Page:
Taxi and Limousine Commission
On Valentine's Day, members of the livery car industry filed suit against New York City's Taxi and Limousine Commission, charging that the Bloomberg administration had violated the law when it approved a one-year taxi app pilot program that would allow smartphone users to hail cabs by tapping their iPhones and Androids.(3)
Today, New York City's taxi commission voted to approve a one-year taxi app pilot that will allow New Yorkers to, for the first time, hail cabs by smartphone.
Today, a city commission voted to permanently do away with new York City's befuddling taxi rooftop light system.
In one small sign that New York City is returning to normalcy, starting at midnight, New York City cab drivers will no longer be able to pick up multiple rides.
Today, at 11:47 a.m., just hours before the New York is to bear the full brunt of the worst storm in recent history, the city released controversial new rules about taxi apps.
“I haven’t read a good John Grisham novel in a while, so it fills that void,” said Taxi and Limousine commissioner David Yassky this morning, of medallion owners' latest effort to challenge his oversight of the industry in court.(3)
The Bloomberg administration is taking on many cyclists' worst fear: getting "doored."(1)
Smartphone taxi apps are poised to flood the market, perhaps forever changing how taxi drivers find passengers, and how passengers find rides. But what about people who are either too poor, or too Luddite, for smartphones?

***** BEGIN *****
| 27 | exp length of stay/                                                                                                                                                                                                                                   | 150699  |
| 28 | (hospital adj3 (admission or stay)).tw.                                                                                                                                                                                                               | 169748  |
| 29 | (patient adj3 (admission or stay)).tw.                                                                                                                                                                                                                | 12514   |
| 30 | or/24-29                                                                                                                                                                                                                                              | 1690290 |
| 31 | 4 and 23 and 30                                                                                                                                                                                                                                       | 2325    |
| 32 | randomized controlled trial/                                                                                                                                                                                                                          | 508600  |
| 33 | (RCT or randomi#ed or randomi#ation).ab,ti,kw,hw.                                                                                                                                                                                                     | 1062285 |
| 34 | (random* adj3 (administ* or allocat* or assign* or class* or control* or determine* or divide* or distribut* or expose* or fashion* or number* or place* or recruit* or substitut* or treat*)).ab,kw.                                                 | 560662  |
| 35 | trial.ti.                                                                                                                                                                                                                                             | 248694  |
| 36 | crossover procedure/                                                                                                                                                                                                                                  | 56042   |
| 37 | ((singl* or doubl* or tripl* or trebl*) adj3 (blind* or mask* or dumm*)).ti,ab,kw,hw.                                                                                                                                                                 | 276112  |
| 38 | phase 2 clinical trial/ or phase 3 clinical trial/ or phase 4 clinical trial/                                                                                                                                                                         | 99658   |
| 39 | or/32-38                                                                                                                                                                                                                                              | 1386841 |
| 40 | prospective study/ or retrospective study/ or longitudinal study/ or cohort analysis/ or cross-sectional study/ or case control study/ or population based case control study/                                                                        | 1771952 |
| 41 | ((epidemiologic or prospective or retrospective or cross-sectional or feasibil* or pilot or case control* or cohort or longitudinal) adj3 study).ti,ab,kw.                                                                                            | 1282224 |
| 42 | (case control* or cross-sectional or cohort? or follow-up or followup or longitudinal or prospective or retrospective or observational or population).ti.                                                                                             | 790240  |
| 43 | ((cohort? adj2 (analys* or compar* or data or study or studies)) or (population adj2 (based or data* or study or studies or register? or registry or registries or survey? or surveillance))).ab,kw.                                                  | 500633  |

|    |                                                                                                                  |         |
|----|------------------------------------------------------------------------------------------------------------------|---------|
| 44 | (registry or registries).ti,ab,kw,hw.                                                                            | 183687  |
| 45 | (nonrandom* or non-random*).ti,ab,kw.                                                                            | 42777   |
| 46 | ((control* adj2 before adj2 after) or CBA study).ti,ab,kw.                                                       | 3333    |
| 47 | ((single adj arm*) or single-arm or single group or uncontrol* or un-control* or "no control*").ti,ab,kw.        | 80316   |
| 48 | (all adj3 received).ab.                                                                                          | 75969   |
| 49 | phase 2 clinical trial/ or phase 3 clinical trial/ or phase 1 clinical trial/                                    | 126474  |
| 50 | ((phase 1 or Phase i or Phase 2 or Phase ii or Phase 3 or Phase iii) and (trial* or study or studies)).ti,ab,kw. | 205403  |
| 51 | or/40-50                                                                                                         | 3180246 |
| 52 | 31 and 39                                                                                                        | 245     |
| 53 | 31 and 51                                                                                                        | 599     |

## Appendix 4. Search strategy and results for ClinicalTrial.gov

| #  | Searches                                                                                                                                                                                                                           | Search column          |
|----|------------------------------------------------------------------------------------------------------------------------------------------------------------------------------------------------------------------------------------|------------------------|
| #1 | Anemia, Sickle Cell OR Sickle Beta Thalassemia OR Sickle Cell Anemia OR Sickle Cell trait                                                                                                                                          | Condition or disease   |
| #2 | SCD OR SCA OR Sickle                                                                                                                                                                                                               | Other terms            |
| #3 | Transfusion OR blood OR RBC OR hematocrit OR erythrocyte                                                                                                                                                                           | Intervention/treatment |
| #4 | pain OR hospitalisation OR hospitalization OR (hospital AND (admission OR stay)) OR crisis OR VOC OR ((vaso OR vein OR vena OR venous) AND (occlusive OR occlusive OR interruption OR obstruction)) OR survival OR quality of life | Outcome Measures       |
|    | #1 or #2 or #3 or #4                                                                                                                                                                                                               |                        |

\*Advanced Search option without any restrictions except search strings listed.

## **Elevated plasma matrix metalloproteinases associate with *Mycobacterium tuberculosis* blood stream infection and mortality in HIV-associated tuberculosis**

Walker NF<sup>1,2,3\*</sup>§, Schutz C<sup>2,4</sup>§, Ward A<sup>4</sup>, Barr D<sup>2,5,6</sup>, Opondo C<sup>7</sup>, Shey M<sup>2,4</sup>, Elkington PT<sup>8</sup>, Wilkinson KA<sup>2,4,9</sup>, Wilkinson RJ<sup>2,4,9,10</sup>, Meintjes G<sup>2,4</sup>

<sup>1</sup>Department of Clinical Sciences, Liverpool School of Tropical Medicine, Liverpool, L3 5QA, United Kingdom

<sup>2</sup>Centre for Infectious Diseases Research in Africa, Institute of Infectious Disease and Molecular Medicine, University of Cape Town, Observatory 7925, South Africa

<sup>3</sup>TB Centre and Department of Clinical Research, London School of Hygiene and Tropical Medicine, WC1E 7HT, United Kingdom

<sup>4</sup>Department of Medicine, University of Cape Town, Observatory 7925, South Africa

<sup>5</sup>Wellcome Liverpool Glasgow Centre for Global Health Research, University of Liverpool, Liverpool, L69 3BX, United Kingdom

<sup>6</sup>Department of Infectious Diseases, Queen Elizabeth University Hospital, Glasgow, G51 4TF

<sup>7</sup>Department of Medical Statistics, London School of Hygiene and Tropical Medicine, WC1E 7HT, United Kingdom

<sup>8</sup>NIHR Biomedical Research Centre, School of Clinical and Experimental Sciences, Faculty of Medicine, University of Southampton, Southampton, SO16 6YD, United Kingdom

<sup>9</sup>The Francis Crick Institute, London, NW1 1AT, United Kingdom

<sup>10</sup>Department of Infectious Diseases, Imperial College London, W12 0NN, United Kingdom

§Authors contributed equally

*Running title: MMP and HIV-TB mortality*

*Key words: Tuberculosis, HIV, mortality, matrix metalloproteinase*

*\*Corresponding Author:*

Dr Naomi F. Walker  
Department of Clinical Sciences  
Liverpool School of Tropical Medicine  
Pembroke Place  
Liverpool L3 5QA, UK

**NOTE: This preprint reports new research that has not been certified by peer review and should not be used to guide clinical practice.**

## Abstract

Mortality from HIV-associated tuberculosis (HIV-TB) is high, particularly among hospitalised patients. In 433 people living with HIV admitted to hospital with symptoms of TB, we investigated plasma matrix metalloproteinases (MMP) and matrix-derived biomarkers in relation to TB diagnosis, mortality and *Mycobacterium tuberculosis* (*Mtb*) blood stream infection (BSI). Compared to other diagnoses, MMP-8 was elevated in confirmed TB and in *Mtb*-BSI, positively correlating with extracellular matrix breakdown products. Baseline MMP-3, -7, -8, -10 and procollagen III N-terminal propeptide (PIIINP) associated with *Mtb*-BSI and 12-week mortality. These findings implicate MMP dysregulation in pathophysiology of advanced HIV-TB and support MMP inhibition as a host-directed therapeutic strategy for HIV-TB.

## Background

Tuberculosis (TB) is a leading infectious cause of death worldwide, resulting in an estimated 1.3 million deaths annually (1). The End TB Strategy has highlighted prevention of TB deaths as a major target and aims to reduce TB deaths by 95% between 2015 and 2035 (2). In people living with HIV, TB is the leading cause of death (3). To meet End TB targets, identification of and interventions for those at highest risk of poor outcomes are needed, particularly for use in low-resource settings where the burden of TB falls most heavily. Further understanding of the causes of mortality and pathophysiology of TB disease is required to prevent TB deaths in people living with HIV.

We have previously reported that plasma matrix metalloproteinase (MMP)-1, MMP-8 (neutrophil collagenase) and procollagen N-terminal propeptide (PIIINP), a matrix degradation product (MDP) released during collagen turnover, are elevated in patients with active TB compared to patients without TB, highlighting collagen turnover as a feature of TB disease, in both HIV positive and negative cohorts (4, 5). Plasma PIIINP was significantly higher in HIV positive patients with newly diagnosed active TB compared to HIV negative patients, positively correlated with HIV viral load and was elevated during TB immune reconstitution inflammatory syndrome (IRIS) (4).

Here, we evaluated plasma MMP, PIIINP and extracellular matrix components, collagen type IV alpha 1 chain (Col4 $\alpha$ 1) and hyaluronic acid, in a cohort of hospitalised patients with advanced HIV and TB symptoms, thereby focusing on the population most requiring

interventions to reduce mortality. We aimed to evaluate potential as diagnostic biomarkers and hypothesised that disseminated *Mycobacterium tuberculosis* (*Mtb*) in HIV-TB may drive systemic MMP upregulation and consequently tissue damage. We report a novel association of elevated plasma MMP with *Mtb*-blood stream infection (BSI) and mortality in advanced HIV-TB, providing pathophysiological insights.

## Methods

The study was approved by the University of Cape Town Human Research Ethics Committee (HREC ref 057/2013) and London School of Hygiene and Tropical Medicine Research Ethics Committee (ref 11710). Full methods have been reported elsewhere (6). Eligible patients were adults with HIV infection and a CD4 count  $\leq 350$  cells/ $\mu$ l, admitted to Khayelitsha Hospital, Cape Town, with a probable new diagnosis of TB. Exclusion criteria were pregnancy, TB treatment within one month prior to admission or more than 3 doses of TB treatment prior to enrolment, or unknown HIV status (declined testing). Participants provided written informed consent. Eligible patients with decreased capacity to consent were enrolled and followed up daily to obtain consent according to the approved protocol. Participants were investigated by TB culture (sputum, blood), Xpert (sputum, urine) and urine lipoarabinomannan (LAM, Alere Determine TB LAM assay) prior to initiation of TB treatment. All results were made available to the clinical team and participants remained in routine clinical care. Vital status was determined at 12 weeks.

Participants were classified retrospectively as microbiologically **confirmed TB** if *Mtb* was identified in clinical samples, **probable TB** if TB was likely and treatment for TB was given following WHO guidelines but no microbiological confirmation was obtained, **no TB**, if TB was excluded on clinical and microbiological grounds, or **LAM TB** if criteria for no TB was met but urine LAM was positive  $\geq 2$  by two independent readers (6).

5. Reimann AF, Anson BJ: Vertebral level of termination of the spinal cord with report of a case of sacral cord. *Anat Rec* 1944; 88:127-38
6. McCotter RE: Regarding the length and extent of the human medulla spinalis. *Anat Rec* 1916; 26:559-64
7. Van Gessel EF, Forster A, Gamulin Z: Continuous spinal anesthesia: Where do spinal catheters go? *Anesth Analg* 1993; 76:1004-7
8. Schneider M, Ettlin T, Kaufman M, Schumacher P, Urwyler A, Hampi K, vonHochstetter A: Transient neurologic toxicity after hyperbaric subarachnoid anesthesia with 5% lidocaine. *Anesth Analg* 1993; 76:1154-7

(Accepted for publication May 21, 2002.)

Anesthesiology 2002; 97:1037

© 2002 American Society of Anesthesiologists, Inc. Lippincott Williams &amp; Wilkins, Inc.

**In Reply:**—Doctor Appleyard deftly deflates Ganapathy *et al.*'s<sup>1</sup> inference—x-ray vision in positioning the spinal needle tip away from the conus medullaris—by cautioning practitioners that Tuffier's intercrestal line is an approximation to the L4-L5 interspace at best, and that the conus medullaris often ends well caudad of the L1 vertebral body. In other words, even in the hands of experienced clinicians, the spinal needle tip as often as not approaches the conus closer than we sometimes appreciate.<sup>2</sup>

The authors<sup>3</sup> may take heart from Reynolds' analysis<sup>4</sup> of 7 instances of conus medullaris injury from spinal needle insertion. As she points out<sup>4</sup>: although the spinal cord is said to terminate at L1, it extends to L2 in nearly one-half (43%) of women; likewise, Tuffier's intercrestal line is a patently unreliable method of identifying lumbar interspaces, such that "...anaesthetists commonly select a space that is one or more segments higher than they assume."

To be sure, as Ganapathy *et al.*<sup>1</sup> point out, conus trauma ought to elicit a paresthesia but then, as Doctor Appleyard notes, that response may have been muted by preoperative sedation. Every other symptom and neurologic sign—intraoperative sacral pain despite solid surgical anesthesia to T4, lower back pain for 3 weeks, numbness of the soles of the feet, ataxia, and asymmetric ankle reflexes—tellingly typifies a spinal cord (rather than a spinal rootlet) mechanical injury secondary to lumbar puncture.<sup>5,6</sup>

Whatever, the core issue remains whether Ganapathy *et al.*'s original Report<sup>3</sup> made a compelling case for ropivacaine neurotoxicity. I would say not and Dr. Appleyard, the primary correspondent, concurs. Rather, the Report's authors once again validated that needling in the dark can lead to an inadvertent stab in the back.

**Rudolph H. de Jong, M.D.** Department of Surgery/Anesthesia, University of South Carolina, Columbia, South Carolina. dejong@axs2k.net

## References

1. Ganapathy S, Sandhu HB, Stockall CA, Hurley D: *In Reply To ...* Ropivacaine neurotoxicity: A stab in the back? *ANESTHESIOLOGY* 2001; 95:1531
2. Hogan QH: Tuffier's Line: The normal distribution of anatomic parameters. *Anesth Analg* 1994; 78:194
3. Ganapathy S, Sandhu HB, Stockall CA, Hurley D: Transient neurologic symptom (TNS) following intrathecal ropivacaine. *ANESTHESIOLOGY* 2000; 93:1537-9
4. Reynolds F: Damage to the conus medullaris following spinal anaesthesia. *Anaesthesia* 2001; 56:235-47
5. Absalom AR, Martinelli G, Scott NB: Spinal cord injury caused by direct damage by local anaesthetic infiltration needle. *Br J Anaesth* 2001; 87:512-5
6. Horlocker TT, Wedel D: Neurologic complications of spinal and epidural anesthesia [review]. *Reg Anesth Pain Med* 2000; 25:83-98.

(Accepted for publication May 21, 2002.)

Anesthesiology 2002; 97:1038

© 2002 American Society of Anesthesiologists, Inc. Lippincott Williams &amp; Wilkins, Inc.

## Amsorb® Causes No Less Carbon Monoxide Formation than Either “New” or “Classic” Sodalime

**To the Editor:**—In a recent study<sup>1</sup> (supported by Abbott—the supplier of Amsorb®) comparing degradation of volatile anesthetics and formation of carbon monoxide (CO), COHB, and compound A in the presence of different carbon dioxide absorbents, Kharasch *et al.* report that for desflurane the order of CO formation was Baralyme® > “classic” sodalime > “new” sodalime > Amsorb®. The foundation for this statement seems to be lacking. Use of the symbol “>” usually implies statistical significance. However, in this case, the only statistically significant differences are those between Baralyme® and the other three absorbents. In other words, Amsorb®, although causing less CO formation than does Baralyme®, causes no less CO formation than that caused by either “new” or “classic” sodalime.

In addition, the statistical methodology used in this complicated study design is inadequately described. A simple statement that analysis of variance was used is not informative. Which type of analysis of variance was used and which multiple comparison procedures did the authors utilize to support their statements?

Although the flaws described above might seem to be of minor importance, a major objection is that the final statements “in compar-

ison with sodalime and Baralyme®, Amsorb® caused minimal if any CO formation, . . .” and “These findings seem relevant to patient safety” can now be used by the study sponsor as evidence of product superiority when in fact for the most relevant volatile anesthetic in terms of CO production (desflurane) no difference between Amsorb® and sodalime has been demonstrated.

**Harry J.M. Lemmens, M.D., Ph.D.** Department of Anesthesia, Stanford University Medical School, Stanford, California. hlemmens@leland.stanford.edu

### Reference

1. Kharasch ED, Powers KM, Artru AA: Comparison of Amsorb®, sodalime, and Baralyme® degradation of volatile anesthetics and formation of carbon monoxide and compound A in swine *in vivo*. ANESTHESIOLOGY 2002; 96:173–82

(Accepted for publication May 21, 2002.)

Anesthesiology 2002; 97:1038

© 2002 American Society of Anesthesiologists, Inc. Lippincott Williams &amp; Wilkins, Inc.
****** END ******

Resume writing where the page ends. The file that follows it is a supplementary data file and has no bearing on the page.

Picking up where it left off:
Sloughing off industry concerns, New York City's taxi commission announced today that it plans to take steps to allow taxi-hailing apps in the city.
Apart from those who proposed it, designed it, and made it, nearly everyone who testified at a Thursday hearing on the Taxi of Tomorrow had only bad things to say about it.
This afternoon, the Bloomberg administration announced it would begin addressing an issue that has bedeviled members of the taxi and livery industry: what to do about taxi apps?
Mayor Michael Bloomberg's plan to bring taxi service to the outer boroughs took a severe beating Friday afternoon, when Acting Manhattan Supreme Court Justice Arthur Engoron issued an opinion declaring the mayor's hard-won borough taxi law "null and void," citing, among other things, the administration's failure to first attain City Council approval before repairing to Albany.
"The City is up to the task of regulating its own taxicabs," wrote Engoron.(1)
In March, New York City announced it was looking for a new app, one that would allow taxi riders to pay their fares by smartphone, find people to share rides with, and maybe even alert passengers to available cabs.
GetTaxi, an company whose app is already functional in Israel, London and Moscow, is vying for the franchise, and this afternoon, it revealed some of the details of its bid to reporters.(1)
London is introducing a Nissan taxi to city streets that in most ways closely resembles New York City's "Taxi of Tomorrow": it has a transparent rooftop, rear lights and temperature controls for passengers, sliding doors.
But in one fundamental way the two taxis, both Nissan NV-200s, diverge: In London, all of them will be wheelchair-accessible. In New York, none of them will.
Taxi Magic is a smartphone app that helps people find available taxis and which, last month, facilitated 1.2 million rides across the country. None of those rides took place in New York City. None of those rides took place in New York City.(1)